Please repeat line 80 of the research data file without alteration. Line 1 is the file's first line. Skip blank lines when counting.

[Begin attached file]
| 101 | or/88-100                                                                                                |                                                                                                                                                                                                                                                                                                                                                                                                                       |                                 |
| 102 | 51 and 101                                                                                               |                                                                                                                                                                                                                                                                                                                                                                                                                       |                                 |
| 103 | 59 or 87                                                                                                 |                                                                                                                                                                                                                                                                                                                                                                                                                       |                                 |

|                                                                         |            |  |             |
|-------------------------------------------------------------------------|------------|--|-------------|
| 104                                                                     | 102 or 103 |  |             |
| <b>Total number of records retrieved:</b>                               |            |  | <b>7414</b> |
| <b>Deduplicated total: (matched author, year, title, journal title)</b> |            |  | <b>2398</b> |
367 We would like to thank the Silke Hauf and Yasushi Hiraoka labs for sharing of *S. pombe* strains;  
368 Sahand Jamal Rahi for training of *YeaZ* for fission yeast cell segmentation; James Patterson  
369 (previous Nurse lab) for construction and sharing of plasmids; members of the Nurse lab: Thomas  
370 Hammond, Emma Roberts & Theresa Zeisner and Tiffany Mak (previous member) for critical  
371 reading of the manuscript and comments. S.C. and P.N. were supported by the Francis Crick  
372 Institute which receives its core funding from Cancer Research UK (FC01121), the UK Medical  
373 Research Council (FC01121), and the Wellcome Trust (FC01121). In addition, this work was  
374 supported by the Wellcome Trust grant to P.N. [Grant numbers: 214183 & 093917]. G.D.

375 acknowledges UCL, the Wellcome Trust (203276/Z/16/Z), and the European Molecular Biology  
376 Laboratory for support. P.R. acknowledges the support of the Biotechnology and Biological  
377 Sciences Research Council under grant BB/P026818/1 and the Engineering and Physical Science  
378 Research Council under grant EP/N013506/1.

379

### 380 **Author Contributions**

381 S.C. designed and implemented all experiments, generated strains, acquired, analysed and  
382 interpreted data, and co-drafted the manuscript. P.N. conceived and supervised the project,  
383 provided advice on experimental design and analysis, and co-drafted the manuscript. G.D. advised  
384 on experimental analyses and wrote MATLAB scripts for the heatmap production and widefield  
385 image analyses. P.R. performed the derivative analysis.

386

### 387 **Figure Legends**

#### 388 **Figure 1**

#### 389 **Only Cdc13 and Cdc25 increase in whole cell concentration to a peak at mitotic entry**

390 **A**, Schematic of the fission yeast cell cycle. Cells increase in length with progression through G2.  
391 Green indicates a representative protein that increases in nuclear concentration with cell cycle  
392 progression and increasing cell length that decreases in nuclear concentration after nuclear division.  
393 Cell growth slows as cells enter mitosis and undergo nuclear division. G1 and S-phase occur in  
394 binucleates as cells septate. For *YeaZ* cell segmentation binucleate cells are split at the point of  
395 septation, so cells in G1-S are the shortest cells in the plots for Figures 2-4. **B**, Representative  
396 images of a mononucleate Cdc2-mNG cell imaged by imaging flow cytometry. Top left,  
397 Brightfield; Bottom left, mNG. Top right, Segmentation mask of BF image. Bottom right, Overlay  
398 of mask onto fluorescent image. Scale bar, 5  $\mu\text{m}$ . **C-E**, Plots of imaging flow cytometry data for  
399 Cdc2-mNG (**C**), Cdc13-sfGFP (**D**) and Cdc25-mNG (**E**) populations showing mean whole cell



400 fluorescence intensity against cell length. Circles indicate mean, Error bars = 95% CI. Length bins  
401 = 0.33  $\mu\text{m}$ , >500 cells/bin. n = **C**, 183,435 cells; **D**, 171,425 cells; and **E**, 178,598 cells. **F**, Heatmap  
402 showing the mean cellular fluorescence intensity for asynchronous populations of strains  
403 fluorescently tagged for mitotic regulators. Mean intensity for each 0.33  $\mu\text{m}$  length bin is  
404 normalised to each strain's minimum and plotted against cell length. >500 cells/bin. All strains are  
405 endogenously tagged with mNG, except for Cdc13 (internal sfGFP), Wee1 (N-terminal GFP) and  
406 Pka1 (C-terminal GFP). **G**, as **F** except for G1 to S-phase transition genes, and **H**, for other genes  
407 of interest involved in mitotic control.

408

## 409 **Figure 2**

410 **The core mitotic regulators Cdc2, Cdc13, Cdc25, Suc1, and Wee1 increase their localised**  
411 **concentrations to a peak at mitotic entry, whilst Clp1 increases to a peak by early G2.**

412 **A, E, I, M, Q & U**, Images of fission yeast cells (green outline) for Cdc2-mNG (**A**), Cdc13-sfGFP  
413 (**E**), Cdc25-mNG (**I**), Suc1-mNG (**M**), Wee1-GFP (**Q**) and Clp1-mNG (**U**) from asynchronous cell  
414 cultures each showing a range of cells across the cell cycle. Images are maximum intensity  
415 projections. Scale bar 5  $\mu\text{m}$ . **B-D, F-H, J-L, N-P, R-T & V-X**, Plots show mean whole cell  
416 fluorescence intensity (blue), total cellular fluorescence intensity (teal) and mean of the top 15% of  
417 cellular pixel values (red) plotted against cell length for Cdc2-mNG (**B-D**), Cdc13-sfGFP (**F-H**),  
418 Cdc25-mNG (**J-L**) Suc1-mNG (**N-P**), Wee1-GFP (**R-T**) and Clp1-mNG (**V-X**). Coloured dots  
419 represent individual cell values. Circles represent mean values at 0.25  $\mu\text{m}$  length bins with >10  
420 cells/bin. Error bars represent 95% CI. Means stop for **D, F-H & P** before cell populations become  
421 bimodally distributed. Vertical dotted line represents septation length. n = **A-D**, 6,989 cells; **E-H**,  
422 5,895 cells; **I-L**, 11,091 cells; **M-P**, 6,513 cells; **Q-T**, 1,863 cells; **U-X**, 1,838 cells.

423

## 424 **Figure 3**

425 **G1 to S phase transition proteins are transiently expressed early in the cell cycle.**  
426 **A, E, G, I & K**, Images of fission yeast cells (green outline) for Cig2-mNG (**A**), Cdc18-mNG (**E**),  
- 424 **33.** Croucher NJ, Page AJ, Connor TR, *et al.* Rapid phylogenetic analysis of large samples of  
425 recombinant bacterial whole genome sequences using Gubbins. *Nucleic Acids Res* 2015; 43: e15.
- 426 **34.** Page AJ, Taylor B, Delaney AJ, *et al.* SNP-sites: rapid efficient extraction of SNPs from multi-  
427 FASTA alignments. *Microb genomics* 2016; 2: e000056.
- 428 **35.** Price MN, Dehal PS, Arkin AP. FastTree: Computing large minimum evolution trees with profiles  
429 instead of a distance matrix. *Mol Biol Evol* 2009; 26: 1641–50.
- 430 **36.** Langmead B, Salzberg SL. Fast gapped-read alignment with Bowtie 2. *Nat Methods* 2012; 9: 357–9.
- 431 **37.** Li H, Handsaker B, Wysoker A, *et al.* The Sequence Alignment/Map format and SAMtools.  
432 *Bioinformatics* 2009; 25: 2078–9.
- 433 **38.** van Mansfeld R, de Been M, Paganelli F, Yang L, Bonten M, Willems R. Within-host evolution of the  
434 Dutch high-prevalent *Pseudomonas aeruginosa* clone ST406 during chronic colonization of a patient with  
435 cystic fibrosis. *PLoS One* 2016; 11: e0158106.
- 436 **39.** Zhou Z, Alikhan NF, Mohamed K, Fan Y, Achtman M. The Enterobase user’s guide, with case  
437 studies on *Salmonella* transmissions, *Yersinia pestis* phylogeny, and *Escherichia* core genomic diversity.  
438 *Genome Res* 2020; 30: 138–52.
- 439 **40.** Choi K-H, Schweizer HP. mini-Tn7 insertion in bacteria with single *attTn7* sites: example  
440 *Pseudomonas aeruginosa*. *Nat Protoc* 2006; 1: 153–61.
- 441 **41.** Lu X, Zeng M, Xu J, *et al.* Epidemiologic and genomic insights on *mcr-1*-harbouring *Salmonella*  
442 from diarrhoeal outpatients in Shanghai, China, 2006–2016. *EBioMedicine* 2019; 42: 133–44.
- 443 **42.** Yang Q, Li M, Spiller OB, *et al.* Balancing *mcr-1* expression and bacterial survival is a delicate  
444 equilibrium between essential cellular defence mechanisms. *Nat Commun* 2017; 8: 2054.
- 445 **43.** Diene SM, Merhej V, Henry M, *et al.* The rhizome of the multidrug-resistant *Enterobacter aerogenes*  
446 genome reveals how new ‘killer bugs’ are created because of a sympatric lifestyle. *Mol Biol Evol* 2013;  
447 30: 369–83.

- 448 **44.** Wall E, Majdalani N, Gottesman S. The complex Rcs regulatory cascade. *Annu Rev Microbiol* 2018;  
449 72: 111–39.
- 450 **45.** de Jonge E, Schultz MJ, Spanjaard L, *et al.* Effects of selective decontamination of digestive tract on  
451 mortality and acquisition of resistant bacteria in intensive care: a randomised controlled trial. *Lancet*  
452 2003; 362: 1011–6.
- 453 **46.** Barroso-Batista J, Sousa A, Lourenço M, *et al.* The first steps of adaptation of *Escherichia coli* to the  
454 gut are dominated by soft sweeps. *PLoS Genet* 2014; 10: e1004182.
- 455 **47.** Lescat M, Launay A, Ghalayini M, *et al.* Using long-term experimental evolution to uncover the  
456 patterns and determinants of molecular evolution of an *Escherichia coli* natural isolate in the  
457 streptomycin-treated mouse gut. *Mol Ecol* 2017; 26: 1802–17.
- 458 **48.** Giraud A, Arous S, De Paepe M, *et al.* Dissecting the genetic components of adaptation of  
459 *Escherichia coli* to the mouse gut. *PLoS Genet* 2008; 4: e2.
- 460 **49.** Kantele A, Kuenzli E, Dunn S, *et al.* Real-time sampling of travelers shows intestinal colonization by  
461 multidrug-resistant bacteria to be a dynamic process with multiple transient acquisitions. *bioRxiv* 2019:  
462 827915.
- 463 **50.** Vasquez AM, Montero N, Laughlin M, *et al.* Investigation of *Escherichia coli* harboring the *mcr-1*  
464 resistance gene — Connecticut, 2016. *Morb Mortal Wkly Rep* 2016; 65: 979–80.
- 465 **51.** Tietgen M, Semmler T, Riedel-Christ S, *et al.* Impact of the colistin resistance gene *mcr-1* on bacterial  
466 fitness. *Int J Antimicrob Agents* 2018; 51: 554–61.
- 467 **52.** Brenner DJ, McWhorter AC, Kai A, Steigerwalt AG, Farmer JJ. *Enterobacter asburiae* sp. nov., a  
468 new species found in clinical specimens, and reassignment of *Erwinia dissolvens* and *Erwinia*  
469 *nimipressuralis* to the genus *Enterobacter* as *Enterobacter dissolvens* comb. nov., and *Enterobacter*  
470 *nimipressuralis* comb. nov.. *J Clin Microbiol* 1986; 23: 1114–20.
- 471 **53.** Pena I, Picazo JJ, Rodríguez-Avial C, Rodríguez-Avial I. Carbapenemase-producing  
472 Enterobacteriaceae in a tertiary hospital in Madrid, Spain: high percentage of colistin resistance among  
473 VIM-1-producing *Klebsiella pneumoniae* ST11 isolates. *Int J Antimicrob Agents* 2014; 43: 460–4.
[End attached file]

435 cystic fibrosis. *PLoS One* 2016; 11: e0158106.